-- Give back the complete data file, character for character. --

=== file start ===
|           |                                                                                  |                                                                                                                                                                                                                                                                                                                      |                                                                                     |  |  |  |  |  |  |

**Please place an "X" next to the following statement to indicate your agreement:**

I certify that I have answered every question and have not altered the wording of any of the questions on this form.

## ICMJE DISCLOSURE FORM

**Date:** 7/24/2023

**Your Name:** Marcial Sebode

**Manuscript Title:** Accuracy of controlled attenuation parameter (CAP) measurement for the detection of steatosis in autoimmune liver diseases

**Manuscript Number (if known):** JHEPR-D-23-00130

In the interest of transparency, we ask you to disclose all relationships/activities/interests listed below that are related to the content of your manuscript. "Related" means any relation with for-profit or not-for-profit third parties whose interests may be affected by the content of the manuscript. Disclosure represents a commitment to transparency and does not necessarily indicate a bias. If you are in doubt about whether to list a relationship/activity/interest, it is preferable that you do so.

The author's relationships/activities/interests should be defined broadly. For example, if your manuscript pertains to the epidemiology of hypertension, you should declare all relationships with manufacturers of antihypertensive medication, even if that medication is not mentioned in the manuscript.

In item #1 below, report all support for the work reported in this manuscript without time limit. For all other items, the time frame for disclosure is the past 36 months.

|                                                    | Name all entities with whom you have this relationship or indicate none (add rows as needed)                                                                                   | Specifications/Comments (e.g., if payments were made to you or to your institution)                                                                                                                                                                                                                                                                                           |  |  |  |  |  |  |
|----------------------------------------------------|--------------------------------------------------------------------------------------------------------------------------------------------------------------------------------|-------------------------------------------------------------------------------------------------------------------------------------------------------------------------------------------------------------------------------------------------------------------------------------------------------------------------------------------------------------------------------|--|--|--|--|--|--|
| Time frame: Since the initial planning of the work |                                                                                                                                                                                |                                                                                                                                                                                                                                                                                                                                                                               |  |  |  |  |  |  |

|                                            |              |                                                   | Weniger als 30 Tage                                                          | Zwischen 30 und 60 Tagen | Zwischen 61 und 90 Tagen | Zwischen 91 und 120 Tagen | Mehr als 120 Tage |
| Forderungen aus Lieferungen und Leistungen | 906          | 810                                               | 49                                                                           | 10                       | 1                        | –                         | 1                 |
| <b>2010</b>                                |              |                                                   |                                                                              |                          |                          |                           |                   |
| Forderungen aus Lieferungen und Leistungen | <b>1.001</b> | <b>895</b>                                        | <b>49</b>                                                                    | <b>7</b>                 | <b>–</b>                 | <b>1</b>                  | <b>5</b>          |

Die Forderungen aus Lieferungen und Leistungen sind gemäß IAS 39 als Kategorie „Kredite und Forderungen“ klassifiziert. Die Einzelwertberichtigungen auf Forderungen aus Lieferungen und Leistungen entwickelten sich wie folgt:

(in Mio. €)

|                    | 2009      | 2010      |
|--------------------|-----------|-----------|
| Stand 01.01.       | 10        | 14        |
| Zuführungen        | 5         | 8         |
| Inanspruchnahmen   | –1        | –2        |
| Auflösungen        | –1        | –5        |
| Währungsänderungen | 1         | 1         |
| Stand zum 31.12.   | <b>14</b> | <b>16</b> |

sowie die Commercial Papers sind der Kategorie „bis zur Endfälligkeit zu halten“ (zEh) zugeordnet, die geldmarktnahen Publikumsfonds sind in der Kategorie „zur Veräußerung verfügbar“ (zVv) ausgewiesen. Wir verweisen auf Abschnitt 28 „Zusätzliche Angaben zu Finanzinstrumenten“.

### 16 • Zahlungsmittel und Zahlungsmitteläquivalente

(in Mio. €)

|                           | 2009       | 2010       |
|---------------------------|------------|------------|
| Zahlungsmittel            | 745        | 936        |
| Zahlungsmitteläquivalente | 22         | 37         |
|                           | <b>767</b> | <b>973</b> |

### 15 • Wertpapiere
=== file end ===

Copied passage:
|           |                                                                                  |                                                                                                                                                                                                                                                                                                                      |                                                                                     |  |  |  |  |  |  |

**Please place an "X" next to the following statement to indicate your agreement:**

I certify that I have answered every question and have not altered the wording of any of the questions on this form.

## ICMJE DISCLOSURE FORM

**Date:** 7/24/2023

**Your Name:** Marcial Sebode

**Manuscript Title:** Accuracy of controlled attenuation parameter (CAP) measurement for the detection of steatosis in autoimmune liver diseases

**Manuscript Number (if known):** JHEPR-D-23-00130

In the interest of transparency, we ask you to disclose all relationships/activities/interests listed below that are related to the content of your manuscript. "Related" means any relation with for-profit or not-for-profit third parties whose interests may be affected by the content of the manuscript. Disclosure represents a commitment to transparency and does not necessarily indicate a bias. If you are in doubt about whether to list a relationship/activity/interest, it is preferable that you do so.

The author's relationships/activities/interests should be defined broadly. For example, if your manuscript pertains to the epidemiology of hypertension, you should declare all relationships with manufacturers of antihypertensive medication, even if that medication is not mentioned in the manuscript.

In item #1 below, report all support for the work reported in this manuscript without time limit. For all other items, the time frame for disclosure is the past 36 months.

|                                                    | Name all entities with whom you have this relationship or indicate none (add rows as needed)                                                                                   | Specifications/Comments (e.g., if payments were made to you or to your institution)                                                                                                                                                                                                                                                                                           |  |  |  |  |  |  |
|----------------------------------------------------|--------------------------------------------------------------------------------------------------------------------------------------------------------------------------------|-------------------------------------------------------------------------------------------------------------------------------------------------------------------------------------------------------------------------------------------------------------------------------------------------------------------------------------------------------------------------------|--|--|--|--|--|--|
| Time frame: Since the initial planning of the work |                                                                                                                                                                                |                                                                                                                                                                                                                                                                                                                                                                               |  |  |  |  |  |  |

|                                            |              |                                                   | Weniger als 30 Tage                                                          | Zwischen 30 und 60 Tagen | Zwischen 61 und 90 Tagen | Zwischen 91 und 120 Tagen | Mehr als 120 Tage |
| Forderungen aus Lieferungen und Leistungen | 906          | 810                                               | 49                                                                           | 10                       | 1                        | –                         | 1                 |
| <b>2010</b>                                |              |                                                   |                                                                              |                          |                          |                           |                   |
| Forderungen aus Lieferungen und Leistungen | <b>1.001</b> | <b>895</b>                                        | <b>49</b>                                                                    | <b>7</b>                 | <b>–</b>                 | <b>1</b>                  | <b>5</b>          |

Die Forderungen aus Lieferungen und Leistungen sind gemäß IAS 39 als Kategorie „Kredite und Forderungen“ klassifiziert. Die Einzelwertberichtigungen auf Forderungen aus Lieferungen und Leistungen entwickelten sich wie folgt:

(in Mio. €)

|                    | 2009      | 2010      |
|--------------------|-----------|-----------|
| Stand 01.01.       | 10        | 14        |
| Zuführungen        | 5         | 8         |
| Inanspruchnahmen   | –1        | –2        |
| Auflösungen        | –1        | –5        |
| Währungsänderungen | 1         | 1         |
| Stand zum 31.12.   | <b>14</b> | <b>16</b> |

sowie die Commercial Papers sind der Kategorie „bis zur Endfälligkeit zu halten“ (zEh) zugeordnet, die geldmarktnahen Publikumsfonds sind in der Kategorie „zur Veräußerung verfügbar“ (zVv) ausgewiesen. Wir verweisen auf Abschnitt 28 „Zusätzliche Angaben zu Finanzinstrumenten“.

### 16 • Zahlungsmittel und Zahlungsmitteläquivalente

(in Mio. €)

|                           | 2009       | 2010       |
|---------------------------|------------|------------|
| Zahlungsmittel            | 745        | 936        |
| Zahlungsmitteläquivalente | 22         | 37         |
|                           | <b>767</b> | <b>973</b> |

### 15 • Wertpapiere